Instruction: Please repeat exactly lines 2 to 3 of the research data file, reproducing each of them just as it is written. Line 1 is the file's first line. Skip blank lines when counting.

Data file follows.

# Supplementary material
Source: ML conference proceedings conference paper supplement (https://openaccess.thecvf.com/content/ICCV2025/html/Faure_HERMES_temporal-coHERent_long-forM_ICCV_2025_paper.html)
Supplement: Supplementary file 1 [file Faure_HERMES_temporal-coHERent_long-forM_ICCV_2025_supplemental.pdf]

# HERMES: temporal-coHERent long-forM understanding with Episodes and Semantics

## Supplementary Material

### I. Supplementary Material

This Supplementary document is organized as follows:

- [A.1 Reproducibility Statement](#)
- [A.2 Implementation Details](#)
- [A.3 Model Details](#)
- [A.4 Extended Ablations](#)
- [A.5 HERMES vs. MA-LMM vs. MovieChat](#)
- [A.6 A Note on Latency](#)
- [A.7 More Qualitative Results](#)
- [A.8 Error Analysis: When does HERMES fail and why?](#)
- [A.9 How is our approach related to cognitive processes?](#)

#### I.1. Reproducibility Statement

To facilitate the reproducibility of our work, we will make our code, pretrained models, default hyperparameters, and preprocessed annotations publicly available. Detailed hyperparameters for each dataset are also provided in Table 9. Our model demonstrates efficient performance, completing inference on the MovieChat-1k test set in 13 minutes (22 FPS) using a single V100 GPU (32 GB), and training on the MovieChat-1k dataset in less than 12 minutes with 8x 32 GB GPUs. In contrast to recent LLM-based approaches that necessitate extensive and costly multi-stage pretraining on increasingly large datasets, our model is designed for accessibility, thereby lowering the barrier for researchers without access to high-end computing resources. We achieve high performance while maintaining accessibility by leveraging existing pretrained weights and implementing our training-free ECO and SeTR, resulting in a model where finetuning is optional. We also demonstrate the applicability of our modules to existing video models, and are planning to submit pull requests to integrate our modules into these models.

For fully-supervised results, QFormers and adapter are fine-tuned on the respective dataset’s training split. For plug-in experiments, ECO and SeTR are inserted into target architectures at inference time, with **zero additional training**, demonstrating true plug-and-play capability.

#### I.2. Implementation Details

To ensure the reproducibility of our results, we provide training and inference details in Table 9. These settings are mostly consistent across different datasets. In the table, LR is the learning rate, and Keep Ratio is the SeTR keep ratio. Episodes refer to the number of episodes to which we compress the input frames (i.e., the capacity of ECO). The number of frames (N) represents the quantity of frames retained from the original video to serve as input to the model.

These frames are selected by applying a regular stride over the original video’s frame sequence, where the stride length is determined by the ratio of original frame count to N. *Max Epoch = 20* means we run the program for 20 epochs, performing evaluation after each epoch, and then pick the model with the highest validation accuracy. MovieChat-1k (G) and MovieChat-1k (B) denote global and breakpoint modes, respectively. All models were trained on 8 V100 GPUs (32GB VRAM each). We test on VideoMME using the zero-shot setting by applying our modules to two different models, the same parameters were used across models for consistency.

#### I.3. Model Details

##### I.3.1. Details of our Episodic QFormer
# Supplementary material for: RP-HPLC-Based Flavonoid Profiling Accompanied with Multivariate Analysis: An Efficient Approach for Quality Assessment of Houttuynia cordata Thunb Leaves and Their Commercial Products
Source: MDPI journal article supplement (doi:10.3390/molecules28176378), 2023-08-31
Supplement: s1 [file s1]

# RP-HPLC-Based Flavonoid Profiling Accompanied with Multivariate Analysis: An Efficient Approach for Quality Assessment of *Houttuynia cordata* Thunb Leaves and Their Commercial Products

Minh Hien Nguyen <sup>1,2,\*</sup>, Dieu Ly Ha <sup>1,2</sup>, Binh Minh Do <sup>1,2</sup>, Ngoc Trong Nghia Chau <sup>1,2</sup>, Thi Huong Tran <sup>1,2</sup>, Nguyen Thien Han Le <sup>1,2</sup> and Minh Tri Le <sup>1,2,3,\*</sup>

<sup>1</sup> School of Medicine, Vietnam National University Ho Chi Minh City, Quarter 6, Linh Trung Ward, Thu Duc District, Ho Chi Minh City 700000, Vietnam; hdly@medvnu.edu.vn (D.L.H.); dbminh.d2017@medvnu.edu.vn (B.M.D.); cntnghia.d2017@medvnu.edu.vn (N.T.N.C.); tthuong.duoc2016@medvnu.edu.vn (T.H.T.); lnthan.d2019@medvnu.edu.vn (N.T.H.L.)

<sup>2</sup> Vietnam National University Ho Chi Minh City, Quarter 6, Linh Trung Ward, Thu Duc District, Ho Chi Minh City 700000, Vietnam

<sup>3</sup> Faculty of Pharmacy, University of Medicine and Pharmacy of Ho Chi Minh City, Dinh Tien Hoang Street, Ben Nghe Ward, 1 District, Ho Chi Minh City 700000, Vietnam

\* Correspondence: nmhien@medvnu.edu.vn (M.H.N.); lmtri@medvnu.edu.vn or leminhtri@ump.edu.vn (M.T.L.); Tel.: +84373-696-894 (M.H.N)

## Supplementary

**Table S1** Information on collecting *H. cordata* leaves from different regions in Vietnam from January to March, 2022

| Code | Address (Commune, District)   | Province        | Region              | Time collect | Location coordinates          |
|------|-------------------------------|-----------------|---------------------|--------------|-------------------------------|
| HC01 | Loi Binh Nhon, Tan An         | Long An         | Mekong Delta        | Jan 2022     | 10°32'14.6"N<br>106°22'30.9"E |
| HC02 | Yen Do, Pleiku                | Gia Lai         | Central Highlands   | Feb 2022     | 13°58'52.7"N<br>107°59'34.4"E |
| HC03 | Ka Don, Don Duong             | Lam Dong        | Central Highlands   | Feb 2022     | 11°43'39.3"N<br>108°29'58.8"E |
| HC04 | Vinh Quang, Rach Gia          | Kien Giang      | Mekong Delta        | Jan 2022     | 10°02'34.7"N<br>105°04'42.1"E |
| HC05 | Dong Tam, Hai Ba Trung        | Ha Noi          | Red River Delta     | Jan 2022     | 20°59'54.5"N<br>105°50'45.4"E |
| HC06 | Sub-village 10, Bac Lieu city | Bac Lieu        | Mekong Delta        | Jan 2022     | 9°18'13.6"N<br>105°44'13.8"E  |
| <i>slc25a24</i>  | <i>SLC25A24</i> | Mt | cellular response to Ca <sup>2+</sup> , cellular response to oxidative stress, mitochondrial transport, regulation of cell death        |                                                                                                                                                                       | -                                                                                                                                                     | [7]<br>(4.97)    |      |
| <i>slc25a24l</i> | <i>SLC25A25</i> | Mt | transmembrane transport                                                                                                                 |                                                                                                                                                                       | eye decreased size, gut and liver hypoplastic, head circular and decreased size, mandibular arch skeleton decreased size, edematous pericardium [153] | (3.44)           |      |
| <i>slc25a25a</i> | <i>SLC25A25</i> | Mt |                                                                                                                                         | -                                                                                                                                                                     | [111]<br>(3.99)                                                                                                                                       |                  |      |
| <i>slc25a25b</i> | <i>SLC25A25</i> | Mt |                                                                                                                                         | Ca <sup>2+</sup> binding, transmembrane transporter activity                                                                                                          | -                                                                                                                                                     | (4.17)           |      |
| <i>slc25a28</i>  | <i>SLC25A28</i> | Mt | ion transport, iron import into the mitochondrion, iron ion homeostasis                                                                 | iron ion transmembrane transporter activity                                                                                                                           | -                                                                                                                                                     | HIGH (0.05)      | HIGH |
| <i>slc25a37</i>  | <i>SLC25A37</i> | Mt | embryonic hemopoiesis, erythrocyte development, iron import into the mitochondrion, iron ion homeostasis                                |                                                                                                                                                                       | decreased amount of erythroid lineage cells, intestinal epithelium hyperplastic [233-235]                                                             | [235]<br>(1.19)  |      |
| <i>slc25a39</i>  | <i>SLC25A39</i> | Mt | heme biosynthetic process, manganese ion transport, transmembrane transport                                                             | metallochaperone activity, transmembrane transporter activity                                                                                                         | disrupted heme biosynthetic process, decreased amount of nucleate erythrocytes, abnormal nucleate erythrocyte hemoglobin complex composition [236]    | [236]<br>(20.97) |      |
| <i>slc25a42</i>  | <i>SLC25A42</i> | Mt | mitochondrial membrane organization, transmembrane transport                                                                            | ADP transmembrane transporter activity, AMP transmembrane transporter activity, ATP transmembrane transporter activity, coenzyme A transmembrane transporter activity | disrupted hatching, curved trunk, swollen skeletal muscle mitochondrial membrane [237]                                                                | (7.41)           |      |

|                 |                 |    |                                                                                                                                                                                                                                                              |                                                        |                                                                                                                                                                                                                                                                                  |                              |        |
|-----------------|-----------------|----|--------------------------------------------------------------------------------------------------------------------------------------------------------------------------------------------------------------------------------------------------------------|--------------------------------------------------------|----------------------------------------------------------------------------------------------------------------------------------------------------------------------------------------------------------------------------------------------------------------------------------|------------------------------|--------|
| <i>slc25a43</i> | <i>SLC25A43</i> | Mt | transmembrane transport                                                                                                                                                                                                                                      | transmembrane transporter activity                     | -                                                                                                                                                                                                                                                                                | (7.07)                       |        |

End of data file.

Source: ML conference proceedings conference paper supplement (https://openaccess.thecvf.com/content/ICCV2025/html/Faure_HERMES_temporal-coHERent_long-forM_ICCV_2025_paper.html)
Supplement: Supplementary file 1 [file Faure_HERMES_temporal-coHERent_long-forM_ICCV_2025_supplemental.pdf]